Penn State is consistently recognized as one of the top party schools in the country and alcohol consumption is a consistent part of college life here in State College. However, sometimes students drink too much, and friends resist calling for help due to concerns about being cited with an underage drinking violation. But what people don’t always know is that Pennsylvania Good Samaritan laws make exceptions for people who call to seek medical assistance for someone experiencing alcohol poisoning.
Firstly, a Good Samaritan exception is written into laws in order to get you to call for help! If a friend, or someone at a party has had too much to drink, please contact emergency medical services to get that person assistance. Underage drinking is often considered just good fun, but people can die from alcohol poisoning and seeking appropriate medical assistance can be absolutely critical to saving a life.
Both Penn State University and Pennsylvania law enforcement have Good Samaritan policies in effect in an attempt to minimize injury and the loss of life in alcohol poisoning cases. In order to qualify for amnesty the following requirements must be followed.
- The only way law enforcement officers became aware of the person’s violation is because the person placed a 911 call, or a call to campus safety, police or emergency services, in good faith, based on a reasonable belief and reported that another person was in need of immediate medical attention to prevent death or serious injury.
- The person calling reasonably believed he or she was the first person to call for help.
- The person calling has provided her or her own name to the 911 operator or equivalent campus safety, police or emergency officer.
- The person calling remained with the person needing medial assistance until emergency health care providers arrived and the need for their presence had ended.
Penn State calls this policy its Responsible Action Protocol, and holds the same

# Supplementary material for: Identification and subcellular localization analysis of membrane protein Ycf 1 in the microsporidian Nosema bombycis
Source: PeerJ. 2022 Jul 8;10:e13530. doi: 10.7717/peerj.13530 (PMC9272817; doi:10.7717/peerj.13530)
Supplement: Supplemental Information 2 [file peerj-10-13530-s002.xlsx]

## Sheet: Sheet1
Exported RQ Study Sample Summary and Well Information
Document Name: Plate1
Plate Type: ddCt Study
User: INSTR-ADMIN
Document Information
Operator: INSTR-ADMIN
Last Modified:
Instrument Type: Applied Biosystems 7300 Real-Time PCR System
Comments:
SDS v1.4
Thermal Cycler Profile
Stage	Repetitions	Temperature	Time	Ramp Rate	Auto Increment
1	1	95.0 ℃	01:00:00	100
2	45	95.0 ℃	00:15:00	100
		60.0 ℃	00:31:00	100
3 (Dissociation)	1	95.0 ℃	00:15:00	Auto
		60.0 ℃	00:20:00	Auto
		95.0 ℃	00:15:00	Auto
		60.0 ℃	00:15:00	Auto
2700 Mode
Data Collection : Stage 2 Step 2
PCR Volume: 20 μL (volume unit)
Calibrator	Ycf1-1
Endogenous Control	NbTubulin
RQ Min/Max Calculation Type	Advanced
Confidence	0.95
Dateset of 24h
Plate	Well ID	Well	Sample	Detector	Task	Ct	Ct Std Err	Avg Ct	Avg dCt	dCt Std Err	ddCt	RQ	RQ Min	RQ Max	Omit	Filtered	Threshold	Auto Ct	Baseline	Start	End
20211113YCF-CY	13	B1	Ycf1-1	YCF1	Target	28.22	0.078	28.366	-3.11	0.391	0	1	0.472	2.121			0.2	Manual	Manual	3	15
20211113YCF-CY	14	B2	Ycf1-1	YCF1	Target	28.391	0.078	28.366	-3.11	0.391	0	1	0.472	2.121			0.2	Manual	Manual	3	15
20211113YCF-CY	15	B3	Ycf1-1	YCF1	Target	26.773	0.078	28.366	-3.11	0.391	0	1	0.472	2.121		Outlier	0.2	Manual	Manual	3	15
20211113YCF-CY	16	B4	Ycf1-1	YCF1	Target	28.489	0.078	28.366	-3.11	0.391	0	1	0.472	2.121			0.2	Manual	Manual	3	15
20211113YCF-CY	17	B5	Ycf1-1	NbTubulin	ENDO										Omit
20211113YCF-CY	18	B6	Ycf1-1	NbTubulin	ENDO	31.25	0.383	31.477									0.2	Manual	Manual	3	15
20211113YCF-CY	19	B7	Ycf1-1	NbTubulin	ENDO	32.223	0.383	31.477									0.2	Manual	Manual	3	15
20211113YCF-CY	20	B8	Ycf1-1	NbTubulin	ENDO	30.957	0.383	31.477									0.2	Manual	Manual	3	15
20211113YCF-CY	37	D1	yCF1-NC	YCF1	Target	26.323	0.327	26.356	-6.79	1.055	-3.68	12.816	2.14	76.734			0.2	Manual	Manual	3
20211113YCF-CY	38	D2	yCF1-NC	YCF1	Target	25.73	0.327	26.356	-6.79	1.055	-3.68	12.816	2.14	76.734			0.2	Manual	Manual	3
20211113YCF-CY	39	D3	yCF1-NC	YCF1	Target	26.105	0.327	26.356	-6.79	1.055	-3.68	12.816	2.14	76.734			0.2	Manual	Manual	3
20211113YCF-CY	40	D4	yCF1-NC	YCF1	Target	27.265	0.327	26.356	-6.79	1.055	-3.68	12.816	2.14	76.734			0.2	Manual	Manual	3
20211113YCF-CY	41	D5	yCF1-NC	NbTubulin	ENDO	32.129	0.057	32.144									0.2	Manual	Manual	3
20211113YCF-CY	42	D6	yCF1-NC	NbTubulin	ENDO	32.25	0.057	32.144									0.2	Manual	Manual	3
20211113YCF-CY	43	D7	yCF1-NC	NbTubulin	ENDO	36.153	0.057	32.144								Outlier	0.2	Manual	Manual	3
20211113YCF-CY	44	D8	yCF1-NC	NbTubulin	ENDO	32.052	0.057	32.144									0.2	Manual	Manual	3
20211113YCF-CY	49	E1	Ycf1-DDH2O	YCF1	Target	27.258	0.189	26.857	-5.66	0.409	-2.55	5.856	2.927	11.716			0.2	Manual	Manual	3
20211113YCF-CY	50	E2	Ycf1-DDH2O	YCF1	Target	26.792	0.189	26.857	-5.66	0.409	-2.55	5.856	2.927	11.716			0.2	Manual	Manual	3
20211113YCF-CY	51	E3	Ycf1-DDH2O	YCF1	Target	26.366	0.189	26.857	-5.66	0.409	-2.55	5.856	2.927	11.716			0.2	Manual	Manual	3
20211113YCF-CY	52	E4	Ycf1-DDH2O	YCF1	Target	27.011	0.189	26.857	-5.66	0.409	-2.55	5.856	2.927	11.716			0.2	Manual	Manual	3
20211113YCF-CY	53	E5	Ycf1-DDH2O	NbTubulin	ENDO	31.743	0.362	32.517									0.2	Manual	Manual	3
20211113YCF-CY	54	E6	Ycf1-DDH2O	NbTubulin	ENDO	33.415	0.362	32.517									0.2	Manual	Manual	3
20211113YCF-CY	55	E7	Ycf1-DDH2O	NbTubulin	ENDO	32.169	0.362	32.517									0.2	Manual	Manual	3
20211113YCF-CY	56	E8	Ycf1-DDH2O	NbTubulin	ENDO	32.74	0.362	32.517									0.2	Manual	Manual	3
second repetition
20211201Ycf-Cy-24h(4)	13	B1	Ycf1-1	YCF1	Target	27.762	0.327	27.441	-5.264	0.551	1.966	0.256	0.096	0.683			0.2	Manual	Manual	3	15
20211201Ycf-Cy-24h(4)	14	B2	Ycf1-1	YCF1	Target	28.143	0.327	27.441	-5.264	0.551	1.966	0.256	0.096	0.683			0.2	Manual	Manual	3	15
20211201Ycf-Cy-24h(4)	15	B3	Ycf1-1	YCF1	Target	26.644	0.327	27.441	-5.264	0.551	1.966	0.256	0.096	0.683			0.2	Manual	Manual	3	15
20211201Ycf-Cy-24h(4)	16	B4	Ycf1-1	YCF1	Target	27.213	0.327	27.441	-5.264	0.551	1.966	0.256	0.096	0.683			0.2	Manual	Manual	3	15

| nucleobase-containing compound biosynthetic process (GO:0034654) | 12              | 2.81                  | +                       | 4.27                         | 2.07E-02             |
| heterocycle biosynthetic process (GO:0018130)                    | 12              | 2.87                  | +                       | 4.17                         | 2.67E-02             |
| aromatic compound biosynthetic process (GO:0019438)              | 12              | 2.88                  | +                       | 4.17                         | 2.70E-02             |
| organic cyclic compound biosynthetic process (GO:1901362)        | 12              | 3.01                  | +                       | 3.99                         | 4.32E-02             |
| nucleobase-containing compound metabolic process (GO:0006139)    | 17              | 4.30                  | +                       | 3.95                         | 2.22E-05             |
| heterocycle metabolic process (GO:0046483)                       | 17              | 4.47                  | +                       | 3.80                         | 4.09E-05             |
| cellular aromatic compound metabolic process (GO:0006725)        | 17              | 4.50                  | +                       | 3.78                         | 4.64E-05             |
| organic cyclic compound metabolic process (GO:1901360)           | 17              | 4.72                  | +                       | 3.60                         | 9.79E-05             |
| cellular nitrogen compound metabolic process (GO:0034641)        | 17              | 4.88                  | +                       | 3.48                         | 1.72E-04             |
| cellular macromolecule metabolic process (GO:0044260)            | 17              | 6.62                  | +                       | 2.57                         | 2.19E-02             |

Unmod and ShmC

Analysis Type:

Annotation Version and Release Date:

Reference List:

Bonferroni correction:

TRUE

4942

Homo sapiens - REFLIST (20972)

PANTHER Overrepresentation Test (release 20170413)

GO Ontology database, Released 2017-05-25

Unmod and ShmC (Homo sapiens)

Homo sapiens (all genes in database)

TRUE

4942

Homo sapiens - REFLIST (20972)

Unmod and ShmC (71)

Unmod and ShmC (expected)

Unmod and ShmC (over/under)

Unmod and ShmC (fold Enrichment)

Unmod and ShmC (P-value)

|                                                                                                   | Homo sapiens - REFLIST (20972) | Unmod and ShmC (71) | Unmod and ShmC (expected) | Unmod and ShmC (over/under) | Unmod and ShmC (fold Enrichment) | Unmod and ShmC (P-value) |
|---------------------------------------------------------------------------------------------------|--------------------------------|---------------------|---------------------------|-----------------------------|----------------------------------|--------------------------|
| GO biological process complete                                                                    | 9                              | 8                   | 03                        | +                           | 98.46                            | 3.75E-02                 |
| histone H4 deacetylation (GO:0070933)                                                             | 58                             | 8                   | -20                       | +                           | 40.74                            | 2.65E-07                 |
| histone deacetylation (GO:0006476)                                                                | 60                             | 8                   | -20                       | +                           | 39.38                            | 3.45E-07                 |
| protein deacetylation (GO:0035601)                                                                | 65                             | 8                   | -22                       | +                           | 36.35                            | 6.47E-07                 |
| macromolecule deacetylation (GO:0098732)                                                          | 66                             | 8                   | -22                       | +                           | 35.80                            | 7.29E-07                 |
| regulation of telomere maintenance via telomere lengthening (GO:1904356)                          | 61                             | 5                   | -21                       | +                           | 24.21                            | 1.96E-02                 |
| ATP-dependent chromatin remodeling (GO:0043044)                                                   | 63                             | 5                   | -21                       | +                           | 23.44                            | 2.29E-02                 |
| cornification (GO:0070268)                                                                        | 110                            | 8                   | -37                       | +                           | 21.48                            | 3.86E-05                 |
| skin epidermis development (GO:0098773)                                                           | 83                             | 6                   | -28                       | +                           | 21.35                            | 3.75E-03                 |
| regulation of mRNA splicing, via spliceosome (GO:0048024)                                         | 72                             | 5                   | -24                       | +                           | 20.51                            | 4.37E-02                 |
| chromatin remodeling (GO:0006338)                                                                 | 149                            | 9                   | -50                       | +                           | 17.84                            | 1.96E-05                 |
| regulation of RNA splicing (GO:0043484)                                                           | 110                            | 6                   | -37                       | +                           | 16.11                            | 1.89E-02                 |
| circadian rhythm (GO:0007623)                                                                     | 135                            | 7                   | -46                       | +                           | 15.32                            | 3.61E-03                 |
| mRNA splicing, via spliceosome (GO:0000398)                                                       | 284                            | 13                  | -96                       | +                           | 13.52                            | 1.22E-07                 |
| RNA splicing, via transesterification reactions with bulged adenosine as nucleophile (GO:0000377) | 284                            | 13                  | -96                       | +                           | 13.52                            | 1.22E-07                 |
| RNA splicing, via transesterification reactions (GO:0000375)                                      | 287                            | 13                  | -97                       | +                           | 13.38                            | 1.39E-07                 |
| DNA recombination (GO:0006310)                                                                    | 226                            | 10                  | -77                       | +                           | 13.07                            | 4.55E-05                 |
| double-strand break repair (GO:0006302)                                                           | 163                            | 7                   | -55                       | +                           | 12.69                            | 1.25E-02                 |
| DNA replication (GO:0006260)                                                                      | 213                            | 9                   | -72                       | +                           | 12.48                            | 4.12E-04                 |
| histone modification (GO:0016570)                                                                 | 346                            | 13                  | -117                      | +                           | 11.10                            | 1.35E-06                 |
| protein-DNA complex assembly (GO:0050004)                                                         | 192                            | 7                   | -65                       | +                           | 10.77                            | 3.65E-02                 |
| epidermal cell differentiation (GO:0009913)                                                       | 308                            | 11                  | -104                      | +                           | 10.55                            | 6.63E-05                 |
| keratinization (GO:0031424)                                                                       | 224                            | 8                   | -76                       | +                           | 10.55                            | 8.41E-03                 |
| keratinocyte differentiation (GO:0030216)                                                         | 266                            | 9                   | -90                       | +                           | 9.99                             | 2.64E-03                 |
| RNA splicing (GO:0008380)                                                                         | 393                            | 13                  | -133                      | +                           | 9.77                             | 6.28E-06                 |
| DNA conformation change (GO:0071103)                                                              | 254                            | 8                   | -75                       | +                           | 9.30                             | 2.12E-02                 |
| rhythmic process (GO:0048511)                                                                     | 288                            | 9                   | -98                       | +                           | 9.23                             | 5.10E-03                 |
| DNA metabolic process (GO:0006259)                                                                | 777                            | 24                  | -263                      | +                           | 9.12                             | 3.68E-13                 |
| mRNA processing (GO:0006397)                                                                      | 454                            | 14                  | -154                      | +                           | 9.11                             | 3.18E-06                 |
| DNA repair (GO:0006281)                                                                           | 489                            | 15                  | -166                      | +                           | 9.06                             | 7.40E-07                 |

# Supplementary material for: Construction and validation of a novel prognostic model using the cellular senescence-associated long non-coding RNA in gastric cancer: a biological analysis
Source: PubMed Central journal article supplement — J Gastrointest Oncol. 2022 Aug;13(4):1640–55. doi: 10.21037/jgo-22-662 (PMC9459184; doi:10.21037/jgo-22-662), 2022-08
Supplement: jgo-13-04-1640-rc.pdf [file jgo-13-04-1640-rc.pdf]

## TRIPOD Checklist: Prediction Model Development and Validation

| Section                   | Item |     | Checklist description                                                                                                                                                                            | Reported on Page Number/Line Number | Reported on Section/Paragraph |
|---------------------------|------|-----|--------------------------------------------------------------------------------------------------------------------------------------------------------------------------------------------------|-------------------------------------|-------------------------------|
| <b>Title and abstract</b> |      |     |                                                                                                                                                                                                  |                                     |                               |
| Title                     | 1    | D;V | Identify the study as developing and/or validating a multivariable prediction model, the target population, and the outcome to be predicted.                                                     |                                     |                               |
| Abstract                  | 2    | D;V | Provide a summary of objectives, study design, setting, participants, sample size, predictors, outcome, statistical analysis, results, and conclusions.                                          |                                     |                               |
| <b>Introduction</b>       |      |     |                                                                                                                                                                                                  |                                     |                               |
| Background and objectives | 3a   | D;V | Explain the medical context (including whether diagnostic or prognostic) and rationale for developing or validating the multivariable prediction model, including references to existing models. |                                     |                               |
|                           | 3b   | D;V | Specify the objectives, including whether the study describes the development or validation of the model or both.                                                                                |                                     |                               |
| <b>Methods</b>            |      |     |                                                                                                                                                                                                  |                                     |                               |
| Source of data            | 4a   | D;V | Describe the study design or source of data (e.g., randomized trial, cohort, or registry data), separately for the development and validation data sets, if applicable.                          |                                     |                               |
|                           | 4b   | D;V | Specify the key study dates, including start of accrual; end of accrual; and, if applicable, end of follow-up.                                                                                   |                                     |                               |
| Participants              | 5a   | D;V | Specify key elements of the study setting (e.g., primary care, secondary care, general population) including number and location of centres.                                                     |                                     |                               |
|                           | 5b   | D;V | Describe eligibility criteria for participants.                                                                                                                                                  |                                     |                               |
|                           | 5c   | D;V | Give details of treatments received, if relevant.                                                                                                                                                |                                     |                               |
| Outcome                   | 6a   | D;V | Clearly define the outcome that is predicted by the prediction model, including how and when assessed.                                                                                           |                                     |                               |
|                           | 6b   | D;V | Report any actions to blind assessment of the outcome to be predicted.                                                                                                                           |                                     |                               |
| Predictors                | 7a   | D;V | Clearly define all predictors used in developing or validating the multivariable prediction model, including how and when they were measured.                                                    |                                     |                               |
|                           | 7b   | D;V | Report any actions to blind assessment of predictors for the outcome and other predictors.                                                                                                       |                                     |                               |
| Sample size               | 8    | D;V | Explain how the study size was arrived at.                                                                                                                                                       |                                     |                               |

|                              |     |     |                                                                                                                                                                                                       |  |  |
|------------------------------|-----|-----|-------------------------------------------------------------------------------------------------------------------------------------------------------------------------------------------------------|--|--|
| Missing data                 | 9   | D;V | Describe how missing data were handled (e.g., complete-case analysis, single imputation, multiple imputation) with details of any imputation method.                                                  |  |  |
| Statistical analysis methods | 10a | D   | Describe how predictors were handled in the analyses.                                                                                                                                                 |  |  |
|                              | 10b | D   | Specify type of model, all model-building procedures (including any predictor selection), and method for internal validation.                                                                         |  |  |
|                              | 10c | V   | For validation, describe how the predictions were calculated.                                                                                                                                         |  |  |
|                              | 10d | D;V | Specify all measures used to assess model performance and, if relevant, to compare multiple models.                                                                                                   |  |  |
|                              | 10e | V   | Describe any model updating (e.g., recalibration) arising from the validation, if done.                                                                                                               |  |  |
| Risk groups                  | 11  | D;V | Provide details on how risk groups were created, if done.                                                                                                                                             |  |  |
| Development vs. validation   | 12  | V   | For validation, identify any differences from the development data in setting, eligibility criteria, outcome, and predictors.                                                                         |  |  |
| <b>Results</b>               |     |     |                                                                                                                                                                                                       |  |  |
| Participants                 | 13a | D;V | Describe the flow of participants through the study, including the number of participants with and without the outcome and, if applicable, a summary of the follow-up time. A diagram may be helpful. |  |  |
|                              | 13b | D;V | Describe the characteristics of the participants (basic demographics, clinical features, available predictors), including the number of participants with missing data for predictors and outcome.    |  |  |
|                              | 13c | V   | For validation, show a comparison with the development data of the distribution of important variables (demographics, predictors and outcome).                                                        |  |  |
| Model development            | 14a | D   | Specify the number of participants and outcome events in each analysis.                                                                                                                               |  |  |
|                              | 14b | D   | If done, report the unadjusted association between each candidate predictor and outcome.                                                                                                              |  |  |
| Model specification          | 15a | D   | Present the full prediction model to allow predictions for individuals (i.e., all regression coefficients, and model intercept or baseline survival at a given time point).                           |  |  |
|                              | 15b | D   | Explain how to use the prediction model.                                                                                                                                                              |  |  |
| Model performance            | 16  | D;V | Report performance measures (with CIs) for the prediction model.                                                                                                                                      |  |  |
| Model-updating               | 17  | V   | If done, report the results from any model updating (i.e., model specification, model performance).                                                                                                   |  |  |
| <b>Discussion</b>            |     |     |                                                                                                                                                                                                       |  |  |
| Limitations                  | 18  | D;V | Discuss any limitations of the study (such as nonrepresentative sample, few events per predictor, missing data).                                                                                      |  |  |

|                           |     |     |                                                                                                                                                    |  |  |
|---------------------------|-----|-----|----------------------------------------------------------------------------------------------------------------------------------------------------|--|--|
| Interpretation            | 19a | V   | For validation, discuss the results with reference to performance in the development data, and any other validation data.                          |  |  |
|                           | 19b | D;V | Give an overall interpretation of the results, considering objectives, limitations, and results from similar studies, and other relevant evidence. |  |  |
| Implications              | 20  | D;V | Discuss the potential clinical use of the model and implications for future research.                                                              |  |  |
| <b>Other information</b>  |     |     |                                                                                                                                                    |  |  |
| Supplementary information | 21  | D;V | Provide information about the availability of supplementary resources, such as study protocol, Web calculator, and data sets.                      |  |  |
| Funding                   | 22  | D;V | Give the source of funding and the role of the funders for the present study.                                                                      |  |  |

requirements called for by Pennsylvania law in order to receive amnesty from University disciplinary actions. This means Penn State will not prosecute students for their own alcohol violations if they are discovered through calling to seek medical assistance for a friend or another student. Any students calling the police or emergency services will be required to attend BASICS, PSU’s alcohol education class and the fee will be waived.
Additionally, as of November 2014, Pennsylvania has extended Good Samaritan laws to now include drug overdoses as well as underage drinking violations. Aimed at preventing drug overdoses in Pennsylvania, particularly in regards to heroin use, this new expansion to Pennsylvania law creates immunity from prosecution in many overdose cases. Over the past 5 years, the Pennsylvania Coroners Association has reported that over 3,000 people in Pennsylvania have died from heroin and opioid abuse.
As Pennsylvania Good Samaritan laws apply to someone overdosing, law enforcement is prevented from prosecuting the person who called for help or the person overdosing. Police cannot act on information developed solely in response to the 911 or emergency services call for help. In some situations, Good Samaritan laws do not apply to drug overdoses, and witnesses could still be prosecuted in the case of a death, or if there are quantities of drugs discovered that would ordinarily give rise to drug dealing charges.
In cases of both underage drinking and substance abuse, Pennsylvanians and Penn State students can benefit from these exceptions to Pennsylvania Law. If you or a friend has been charged with an underage drinking or a related offense as a result of calling for help for a person with alcohol poisoning, contact Rehmeyer & Allatt today.